Buying gifts for people at Christmas can get expensive. It seems like you have to buy something for everyone, and it can be hard to find the perfect gift for each and every person on your list. We have a secret: we don't buy gifts for many people. It saves a lot (a lot) of time, money, and aggravation.

It is actually easier for me to list the people for whom I do buy gifts than those I don't. I buy gifts for John, and we buy gifts for our children and three of my in-town nieces and nephews. That's it. How do we get away with it? Why do we not buy gifts for my parents, siblings, and the rest of my nieces and nephews?
  • My parents do not need anything. They do not even want much, and what they do want, they buy for themselves. Since there is nothing they need or want, we make a donation to their choice of ministry in their names. This gift makes them happy, and it helps out a worthy ministry. (I do have a small gift for each of them to open, however. Shhh! Don't tell!) While it doesn't save us much money, it saves a lot of time and aggravation.
  • All of my siblings and our spouses used to buy gifts for everyone else, and that got expensive since I have two brothers and a sister. We decided to draw names, and that worked well...for a few years. One year when John and my brother-in-law exchanged gift cards to the same store, we decided it had gotten a little ridiculous. Then we started playing the "White Elephant" (aka "Dirty Santa") game. We just quit doing that a couple of years ago, and I'm not sure why...but it's kind of nice not to worry about it.
  • There are a bunch of nieces and nephews in our family (eleven to be exact), and again it's expensive to buy gifts for all of them. So we draw names. How does that work since John and I have three children but my younger brother has two? Well, you draw the number of names that you have children. We draw three, and my brother's family draws two. The children still get gifts, and we still have the fun of picking presents out, but it's limited. And let's be honest; they don't really need a toy from every aunt and uncle.
Do you do anything similar to cut costs for Christmas present-buying? What other methods do you use?

Tuesday, August 2, 2011

Tuesday's Tip: Business Cards

"Business cards?" I'm sure you're thinking. "Why do women who stay home with their children need business cards?" I heard about this idea a while ago, and I thought it was a great one. Whenever you meet someone new, someone that you would like to reconnect with later, you just hand them one of your cards instead of hunting for something to write with and something to write on. "What a great idea!" I thought. The only problem is that I rarely meet new people since the church to which we belong is rather small.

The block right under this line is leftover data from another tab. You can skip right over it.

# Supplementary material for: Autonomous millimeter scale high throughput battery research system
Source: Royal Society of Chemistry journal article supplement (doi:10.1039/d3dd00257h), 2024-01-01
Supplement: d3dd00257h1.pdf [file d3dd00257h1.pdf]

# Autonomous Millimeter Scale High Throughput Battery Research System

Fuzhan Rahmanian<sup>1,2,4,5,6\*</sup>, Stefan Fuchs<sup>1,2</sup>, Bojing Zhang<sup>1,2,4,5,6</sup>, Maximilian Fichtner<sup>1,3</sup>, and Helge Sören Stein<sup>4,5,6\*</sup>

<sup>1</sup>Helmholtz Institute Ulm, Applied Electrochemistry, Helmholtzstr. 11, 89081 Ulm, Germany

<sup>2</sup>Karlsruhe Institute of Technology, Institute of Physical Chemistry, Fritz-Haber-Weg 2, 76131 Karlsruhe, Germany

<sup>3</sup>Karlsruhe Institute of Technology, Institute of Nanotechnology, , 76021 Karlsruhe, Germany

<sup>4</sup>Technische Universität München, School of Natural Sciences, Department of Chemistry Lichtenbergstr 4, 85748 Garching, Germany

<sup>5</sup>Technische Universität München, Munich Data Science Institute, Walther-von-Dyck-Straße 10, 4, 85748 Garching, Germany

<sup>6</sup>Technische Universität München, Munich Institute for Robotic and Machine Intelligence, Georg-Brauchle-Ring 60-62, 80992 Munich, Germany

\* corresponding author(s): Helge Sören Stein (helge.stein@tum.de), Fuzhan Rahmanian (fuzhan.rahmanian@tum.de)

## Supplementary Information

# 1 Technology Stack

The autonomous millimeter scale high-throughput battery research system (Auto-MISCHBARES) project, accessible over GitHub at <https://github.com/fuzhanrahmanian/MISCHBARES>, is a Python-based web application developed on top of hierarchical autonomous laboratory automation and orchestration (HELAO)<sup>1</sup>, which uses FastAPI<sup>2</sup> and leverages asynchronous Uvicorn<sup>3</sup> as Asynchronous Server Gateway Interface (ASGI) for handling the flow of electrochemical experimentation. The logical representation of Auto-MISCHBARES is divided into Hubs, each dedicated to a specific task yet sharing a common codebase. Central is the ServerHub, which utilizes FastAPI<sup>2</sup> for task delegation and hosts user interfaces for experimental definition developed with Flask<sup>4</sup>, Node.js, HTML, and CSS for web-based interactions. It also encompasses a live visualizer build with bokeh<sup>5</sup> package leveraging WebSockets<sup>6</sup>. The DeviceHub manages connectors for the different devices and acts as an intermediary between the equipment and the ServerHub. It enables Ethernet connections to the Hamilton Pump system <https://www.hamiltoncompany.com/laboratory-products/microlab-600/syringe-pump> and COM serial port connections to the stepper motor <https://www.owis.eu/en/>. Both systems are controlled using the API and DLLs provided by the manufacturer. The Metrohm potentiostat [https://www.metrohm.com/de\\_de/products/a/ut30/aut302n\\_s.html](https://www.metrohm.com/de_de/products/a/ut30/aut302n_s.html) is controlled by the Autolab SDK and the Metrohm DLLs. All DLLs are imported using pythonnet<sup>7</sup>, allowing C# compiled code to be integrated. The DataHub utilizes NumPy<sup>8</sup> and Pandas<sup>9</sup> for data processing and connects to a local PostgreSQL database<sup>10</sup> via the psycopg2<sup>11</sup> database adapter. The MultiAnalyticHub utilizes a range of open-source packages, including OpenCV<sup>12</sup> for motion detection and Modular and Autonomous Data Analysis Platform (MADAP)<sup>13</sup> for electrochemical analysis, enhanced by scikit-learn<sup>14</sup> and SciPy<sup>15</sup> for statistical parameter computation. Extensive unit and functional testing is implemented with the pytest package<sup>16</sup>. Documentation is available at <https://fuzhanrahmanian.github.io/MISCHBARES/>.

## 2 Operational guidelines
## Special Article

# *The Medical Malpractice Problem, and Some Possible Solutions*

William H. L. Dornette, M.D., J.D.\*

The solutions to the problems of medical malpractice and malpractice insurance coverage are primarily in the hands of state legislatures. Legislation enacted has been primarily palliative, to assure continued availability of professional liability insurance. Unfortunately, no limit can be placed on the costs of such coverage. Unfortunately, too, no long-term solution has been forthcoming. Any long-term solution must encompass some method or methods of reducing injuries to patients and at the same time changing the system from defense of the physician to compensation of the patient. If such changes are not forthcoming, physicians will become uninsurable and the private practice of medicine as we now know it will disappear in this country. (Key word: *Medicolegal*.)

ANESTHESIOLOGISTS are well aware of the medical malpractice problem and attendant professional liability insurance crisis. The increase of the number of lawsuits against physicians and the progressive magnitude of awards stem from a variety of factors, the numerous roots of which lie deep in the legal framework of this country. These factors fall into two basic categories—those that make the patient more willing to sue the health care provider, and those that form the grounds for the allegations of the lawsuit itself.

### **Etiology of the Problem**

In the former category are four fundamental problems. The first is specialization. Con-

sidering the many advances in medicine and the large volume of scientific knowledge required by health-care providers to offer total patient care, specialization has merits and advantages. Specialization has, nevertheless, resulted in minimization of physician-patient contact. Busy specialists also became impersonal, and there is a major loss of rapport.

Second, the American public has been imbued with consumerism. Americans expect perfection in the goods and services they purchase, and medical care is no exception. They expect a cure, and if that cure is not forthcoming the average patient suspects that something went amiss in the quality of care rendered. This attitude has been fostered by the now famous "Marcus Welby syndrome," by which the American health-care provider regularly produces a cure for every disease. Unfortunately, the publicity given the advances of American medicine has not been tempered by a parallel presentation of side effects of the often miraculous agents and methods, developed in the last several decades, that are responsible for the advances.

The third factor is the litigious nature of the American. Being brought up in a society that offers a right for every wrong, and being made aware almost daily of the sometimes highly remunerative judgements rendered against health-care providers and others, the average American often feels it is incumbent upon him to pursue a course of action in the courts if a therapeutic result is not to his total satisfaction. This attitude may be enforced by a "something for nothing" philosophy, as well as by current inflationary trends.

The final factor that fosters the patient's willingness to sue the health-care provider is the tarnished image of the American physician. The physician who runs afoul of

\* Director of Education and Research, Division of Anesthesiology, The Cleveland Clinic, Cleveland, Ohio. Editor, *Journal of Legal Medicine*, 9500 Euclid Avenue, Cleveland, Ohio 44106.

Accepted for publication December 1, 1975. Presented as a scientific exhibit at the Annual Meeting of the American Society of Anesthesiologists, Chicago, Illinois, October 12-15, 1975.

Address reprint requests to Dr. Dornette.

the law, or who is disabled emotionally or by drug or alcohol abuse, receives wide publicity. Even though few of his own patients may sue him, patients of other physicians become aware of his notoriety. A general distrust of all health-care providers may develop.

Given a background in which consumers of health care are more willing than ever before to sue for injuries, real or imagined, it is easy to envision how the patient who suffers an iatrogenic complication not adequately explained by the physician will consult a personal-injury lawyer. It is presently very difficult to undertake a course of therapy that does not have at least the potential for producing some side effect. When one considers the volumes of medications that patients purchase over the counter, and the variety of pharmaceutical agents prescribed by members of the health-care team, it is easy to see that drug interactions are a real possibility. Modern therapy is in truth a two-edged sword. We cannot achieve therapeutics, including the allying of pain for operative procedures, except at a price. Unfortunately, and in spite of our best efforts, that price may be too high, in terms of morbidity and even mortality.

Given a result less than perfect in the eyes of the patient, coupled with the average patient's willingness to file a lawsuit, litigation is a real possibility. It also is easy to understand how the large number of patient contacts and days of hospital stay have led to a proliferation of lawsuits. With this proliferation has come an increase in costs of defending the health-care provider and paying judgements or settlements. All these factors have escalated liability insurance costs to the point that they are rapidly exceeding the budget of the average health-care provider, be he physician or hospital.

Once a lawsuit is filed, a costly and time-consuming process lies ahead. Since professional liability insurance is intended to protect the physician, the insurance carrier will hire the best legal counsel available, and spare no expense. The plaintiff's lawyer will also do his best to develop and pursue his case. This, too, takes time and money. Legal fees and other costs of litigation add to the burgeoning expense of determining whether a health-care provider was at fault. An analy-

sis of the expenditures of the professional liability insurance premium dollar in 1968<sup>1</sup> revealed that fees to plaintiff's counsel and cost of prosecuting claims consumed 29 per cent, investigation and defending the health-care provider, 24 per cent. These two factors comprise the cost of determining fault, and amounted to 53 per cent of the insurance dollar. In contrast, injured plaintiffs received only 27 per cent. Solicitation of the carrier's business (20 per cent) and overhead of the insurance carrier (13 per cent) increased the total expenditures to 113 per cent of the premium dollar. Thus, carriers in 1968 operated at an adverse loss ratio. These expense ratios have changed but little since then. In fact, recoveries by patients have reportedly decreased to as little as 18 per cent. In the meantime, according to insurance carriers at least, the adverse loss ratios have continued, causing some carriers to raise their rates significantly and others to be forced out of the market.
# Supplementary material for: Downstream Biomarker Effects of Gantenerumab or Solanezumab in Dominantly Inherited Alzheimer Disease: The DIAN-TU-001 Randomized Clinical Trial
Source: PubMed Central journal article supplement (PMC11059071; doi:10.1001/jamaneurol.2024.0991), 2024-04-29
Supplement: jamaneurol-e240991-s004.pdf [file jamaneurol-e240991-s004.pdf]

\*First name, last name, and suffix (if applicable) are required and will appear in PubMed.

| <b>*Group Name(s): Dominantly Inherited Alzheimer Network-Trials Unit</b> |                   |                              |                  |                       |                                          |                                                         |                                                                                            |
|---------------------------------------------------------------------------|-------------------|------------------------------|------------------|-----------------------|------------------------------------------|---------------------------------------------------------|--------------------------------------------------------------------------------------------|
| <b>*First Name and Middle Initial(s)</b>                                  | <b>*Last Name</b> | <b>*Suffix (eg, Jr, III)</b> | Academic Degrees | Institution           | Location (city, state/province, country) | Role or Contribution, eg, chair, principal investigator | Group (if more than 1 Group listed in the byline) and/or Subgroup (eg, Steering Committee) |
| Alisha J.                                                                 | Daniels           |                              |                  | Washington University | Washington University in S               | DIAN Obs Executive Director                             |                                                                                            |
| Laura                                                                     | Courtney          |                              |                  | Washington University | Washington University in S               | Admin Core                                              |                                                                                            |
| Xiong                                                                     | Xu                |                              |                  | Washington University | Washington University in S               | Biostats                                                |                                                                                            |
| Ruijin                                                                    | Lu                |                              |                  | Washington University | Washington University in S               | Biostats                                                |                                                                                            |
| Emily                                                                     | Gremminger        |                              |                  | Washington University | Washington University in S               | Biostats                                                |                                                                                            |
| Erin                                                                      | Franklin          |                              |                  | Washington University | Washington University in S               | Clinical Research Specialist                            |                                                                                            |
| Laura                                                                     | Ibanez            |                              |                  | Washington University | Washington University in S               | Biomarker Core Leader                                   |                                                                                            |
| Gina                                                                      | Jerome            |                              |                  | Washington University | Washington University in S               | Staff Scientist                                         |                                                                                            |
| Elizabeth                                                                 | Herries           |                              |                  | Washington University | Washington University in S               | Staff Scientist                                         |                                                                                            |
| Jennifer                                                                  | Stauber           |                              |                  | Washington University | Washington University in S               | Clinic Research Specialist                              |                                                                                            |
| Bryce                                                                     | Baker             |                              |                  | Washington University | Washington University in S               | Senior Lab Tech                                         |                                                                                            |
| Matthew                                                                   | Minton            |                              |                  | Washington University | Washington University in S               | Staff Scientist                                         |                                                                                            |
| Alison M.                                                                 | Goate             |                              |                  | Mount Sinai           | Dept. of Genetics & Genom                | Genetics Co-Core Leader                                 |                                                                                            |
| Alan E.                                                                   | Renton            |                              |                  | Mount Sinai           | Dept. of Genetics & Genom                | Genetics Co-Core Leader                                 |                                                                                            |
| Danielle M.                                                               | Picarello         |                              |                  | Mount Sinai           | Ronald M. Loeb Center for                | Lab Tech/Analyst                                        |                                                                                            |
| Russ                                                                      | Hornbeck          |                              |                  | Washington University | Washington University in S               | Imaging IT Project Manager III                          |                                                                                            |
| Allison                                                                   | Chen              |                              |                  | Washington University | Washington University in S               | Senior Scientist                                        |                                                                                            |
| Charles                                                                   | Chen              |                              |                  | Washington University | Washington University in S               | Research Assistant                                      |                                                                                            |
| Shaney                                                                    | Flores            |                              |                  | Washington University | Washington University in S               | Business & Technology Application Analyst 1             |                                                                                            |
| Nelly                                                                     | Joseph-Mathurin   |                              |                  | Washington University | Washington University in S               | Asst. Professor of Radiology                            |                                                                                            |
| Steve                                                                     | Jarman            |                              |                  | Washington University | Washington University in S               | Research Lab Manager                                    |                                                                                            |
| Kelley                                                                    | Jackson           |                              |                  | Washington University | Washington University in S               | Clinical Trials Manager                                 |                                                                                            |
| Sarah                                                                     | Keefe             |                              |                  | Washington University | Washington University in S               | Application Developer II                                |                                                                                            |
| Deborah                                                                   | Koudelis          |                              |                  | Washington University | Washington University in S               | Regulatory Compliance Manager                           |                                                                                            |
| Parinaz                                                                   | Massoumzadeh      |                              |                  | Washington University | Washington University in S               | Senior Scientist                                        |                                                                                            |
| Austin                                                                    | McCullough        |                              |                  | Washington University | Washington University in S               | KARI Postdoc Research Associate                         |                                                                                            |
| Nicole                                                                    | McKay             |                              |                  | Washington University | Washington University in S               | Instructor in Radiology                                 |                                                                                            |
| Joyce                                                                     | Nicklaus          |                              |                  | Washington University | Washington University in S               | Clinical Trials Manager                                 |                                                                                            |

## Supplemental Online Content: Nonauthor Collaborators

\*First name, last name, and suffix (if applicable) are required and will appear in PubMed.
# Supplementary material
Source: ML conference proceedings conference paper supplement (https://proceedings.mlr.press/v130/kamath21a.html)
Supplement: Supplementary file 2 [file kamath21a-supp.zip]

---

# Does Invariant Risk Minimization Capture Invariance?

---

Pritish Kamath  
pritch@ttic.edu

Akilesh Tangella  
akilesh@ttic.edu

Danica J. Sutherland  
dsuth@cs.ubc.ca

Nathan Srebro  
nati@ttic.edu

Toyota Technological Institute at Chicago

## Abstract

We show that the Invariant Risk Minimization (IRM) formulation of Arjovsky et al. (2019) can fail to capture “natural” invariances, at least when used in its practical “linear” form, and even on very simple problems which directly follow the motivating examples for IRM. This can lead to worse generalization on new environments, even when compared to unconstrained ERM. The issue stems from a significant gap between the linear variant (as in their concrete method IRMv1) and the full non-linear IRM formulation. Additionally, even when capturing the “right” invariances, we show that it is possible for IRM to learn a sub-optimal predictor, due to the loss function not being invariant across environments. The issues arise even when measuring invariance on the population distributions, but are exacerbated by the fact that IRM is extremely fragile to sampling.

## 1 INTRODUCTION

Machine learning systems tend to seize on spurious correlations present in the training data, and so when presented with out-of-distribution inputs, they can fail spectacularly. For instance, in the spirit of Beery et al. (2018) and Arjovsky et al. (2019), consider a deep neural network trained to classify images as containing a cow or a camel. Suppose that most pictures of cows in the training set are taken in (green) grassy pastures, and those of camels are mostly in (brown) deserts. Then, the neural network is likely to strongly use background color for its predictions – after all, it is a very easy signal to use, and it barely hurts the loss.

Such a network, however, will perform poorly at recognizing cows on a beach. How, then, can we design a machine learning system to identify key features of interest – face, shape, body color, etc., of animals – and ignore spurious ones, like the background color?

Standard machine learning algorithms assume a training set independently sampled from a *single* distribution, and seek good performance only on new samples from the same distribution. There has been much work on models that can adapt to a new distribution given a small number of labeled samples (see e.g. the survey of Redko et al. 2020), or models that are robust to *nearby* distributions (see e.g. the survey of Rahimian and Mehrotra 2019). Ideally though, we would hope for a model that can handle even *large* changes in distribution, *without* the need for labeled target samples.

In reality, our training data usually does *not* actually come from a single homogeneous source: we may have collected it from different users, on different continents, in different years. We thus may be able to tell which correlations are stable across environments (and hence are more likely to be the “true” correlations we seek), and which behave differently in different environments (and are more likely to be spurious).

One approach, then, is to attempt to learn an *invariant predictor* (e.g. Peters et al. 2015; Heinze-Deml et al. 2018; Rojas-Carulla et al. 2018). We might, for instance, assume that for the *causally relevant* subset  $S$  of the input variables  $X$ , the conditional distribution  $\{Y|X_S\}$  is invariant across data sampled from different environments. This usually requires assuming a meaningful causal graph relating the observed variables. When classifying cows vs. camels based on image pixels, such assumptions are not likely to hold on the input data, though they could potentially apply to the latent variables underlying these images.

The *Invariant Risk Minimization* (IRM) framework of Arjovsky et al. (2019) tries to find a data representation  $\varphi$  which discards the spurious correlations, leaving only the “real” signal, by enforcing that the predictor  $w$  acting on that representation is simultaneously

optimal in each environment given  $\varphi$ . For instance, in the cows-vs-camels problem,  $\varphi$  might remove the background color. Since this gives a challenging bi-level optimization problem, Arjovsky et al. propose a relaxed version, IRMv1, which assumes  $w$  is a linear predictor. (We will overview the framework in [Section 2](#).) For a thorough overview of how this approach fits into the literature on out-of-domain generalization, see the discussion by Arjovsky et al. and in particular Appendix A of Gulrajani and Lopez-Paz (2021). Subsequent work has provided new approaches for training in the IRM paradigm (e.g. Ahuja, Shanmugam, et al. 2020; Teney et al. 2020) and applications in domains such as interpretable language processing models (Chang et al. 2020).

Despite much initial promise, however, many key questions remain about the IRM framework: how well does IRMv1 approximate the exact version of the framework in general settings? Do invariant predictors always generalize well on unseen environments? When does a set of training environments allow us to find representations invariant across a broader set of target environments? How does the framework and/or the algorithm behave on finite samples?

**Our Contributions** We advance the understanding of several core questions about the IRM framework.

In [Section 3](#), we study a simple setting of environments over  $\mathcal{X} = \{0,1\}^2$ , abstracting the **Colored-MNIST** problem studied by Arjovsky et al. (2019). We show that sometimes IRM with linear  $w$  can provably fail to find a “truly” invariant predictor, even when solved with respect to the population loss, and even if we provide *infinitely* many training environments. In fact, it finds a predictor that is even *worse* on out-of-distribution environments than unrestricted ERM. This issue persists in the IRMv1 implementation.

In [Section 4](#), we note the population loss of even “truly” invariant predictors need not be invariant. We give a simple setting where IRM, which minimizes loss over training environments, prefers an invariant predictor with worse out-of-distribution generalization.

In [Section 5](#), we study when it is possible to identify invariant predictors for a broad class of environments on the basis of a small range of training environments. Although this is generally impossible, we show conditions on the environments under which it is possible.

Now that we're moving, however, I thought it was time to revisit this idea. Instead of writing down my new Florida address umpteen times to give to people who want it (assuming that anybody does!), I can just hand them a card. After we move, and I start (hopefully!) meeting people at our new church, I can hand them a card with all of our contact information on it, too. How easy!

What information do I have on my "business" card? Here's my list:
  • All of our names -- just in case people forget
  • Our address -- mostly for our old friends who might want to send us some snail mail (hint, hint!)
  • My email address -- my email address seems to be the permanent one in our family. Also, email is my preferred method of communication, so this information will be good for our new friends (I hope!).
  • My blog address -- I included this information mostly for our old friends who may want to keep up with us after our move.
  • Our phone number -- obvious reasons
I don't plan to show you a picture of my card because I don't want most of this information posted out there on the internet...even though I know most of it already is. But I think you get the idea.

I got my cards from VistaPrint because they offered free business cards. Of course, I still had to pay for shipping and handling which was a little more than $5. But since I will receive absolutely nothing if you order your own from VistaPrint, I really don't care where you order yours from, if you order any.

So, if you have to write down your personal information very often, you may want to think about getting your own set of "business" cards.

What do you think?

I just discovered on MoneySavingMom that you can get 100 free black and white business cards at Staples. Here's the coupon.

Monday, August 1, 2011

Pregnancy Update

I am now 21 weeks along with this pregnancy which means that I am over halfway through. Hooray! I cannot believe that I'm wearing the same dress as I did in my fourteen week picture, but I guess I shouldn't be surprised. I've only got so many dresses that I can wear right now. I really don't look much bigger when I compare the pictures, but I definitely am. I can feel the baby moving now, and it's getting uncomfortable to sleep on my stomach. I just wish I knew whether this baby was a girl or a boy!